Posted: 31/10/19

The world’s largest computer society has recognised Dr Gavin Doherty, Funded Investigator at the ADAPT Centre and Associate Professor in Computer Science and Statistics at Trinity College Dublin, for his Outstanding Scientific Contributions to Computing.

The Association for Computing Machinery (ACM) recognised Dr Doherty along with 5 other European research for Outstanding Scientific Contributions to Computing as part of AMC’s 2019 Distinguished Member awards.

All 2019 inductees were selected by their peers for a range of accomplishments that have contributed to technologies that underpin how we live, work and play.

“Each year it is our honor to select a new class of Distinguished Members,” explains ACM President Cherri M. Pancake. “Our overarching goal is to build a community wherein computing professionals can grow professionally and, in turn, contribute to the field and the broader society. We are delighted to recognise these individuals for their contributions to computing, and we hope that the careers of the 2019 ACM Distinguished Members will continue to prosper through their participation with ACM.”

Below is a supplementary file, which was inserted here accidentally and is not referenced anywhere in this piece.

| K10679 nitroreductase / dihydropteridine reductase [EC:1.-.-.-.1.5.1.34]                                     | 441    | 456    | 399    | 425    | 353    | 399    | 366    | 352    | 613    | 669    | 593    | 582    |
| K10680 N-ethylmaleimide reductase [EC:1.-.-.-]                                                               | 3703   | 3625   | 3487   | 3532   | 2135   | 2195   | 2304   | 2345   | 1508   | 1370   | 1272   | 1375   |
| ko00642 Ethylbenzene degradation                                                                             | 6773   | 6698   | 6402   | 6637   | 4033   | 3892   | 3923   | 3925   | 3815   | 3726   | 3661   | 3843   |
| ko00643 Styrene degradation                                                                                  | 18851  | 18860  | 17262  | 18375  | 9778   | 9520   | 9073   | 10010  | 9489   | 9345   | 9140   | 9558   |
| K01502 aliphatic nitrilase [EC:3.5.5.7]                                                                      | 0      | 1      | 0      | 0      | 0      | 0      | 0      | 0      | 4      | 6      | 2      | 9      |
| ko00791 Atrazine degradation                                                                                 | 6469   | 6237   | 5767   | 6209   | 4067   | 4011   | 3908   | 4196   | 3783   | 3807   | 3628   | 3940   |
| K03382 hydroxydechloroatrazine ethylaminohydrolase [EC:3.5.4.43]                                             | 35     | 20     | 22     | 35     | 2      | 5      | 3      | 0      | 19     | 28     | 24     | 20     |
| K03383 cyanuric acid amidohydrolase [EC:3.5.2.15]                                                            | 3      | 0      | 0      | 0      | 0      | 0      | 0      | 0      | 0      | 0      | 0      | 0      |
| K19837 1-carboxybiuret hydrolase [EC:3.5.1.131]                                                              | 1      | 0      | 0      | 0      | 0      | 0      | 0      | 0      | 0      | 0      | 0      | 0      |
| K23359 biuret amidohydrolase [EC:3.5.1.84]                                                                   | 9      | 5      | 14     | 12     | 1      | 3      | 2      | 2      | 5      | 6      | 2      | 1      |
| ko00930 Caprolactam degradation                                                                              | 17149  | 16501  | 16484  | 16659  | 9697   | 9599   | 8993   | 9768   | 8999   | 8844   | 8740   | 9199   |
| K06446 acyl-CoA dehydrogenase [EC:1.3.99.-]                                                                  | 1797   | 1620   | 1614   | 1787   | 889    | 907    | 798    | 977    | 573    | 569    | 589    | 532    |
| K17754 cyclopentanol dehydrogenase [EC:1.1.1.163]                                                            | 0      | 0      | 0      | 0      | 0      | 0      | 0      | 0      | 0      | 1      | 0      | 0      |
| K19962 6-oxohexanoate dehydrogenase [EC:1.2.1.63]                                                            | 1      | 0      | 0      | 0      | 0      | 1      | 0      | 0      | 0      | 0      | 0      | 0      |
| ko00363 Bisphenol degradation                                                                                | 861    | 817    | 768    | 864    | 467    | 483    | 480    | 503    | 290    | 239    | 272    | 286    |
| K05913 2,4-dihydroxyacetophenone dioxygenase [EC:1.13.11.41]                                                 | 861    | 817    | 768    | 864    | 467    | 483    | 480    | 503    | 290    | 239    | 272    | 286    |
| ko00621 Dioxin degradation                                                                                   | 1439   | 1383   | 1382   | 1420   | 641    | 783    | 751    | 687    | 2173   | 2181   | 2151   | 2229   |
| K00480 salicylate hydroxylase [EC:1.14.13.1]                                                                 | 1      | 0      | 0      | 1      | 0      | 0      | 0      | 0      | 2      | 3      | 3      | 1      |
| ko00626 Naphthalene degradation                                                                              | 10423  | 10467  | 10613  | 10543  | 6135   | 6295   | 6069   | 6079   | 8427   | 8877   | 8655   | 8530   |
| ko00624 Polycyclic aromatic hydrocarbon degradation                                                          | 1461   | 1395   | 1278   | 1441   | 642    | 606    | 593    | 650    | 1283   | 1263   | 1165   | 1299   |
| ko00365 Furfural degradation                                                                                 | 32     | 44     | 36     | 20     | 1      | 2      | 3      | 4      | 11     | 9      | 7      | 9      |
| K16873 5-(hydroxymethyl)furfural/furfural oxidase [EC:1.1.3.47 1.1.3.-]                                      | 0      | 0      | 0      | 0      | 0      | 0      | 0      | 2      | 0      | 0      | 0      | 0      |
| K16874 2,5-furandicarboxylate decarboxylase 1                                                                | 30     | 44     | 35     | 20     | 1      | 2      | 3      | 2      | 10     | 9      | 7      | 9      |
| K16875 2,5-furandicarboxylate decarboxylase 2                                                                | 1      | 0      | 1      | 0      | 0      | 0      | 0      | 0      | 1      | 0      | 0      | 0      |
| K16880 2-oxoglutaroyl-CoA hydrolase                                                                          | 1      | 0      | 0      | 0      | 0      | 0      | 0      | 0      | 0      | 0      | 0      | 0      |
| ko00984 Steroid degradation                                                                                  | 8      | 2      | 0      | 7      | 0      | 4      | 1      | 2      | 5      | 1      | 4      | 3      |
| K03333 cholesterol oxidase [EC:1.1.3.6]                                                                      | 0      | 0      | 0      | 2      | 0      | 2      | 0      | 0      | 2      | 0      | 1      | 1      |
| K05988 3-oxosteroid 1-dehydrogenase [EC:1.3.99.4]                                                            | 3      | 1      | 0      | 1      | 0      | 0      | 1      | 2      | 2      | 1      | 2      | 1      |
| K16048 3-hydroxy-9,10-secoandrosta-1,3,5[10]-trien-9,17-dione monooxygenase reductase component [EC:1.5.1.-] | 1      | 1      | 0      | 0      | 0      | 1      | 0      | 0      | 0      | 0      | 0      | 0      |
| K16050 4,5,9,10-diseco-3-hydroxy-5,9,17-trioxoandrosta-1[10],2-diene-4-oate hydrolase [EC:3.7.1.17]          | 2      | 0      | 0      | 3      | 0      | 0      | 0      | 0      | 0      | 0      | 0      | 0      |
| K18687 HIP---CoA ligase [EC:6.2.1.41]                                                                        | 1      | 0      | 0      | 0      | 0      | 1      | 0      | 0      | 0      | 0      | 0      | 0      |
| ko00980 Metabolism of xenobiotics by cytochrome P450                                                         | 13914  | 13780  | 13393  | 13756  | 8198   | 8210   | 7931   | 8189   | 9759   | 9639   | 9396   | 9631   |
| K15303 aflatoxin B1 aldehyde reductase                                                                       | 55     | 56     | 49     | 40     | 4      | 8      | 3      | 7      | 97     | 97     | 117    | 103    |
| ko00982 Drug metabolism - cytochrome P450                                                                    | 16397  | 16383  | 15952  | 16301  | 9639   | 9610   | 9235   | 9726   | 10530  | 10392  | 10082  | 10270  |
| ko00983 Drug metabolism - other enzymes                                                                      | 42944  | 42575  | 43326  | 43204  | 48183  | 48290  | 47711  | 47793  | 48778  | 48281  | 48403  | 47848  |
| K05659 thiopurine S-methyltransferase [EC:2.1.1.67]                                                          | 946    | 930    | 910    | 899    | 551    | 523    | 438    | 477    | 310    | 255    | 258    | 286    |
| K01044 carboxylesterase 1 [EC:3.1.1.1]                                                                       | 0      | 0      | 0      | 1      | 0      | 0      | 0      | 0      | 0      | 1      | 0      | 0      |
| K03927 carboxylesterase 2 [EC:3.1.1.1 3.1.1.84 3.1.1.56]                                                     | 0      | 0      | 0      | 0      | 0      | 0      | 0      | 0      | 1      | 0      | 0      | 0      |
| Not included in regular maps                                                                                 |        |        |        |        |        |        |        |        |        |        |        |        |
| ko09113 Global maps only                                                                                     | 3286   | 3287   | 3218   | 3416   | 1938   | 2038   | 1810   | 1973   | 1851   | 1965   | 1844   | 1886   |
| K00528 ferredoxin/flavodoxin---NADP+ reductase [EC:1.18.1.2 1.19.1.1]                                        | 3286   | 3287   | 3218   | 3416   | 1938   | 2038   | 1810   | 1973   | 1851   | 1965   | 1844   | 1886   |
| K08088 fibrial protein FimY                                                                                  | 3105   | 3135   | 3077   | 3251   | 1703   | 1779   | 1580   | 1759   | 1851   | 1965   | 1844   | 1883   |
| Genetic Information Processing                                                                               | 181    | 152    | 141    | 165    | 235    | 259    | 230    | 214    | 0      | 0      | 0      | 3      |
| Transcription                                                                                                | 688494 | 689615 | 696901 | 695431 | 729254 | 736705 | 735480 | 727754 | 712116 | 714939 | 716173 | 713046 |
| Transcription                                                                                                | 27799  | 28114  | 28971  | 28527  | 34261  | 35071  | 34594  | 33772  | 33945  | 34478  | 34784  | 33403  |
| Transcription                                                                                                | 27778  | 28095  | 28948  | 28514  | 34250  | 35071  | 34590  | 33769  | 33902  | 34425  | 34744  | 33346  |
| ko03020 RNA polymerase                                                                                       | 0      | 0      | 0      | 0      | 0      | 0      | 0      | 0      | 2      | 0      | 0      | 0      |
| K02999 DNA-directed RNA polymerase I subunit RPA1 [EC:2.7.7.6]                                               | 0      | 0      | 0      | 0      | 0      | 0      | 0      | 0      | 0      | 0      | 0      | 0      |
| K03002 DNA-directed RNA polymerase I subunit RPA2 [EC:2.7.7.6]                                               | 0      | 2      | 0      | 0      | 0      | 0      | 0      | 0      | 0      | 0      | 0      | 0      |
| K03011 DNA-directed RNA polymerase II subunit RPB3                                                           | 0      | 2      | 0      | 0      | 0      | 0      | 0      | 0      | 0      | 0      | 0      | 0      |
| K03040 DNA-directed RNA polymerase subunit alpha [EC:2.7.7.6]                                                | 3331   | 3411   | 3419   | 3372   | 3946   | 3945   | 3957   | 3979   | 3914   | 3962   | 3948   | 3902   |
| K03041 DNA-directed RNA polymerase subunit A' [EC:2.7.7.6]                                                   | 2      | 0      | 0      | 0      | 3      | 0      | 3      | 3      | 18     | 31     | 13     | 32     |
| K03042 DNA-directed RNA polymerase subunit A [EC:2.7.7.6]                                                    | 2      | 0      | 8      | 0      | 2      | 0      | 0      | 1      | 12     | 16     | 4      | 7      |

The 2019 ACM Distinguished Members work at leading universities, corporations and research institutions around the world, and hail from Canada, China, Germany, Ireland, Qatar, Singapore, Taiwan, the United Kingdom and the United States. These innovators have made contributions in a wide range of technical areas including artificial intelligence, human-computer interaction, computer engineering, computer science education, cybersecurity, graphics, and networking.

Dr Doherty’s research is in the area of Human Computer Interaction, with a main research interest in the design of healthcare technology, and particularly mental health. As Principal Investigator, he led a project to develop the SilverCloud platform to deliver a range of engaging and effective clinician-supported mental health interventions. The SilverCloud platform has been used to deliver evidence-based mental and behavioural health interventions to over 300,000 patients in hundreds of health services worldwide.

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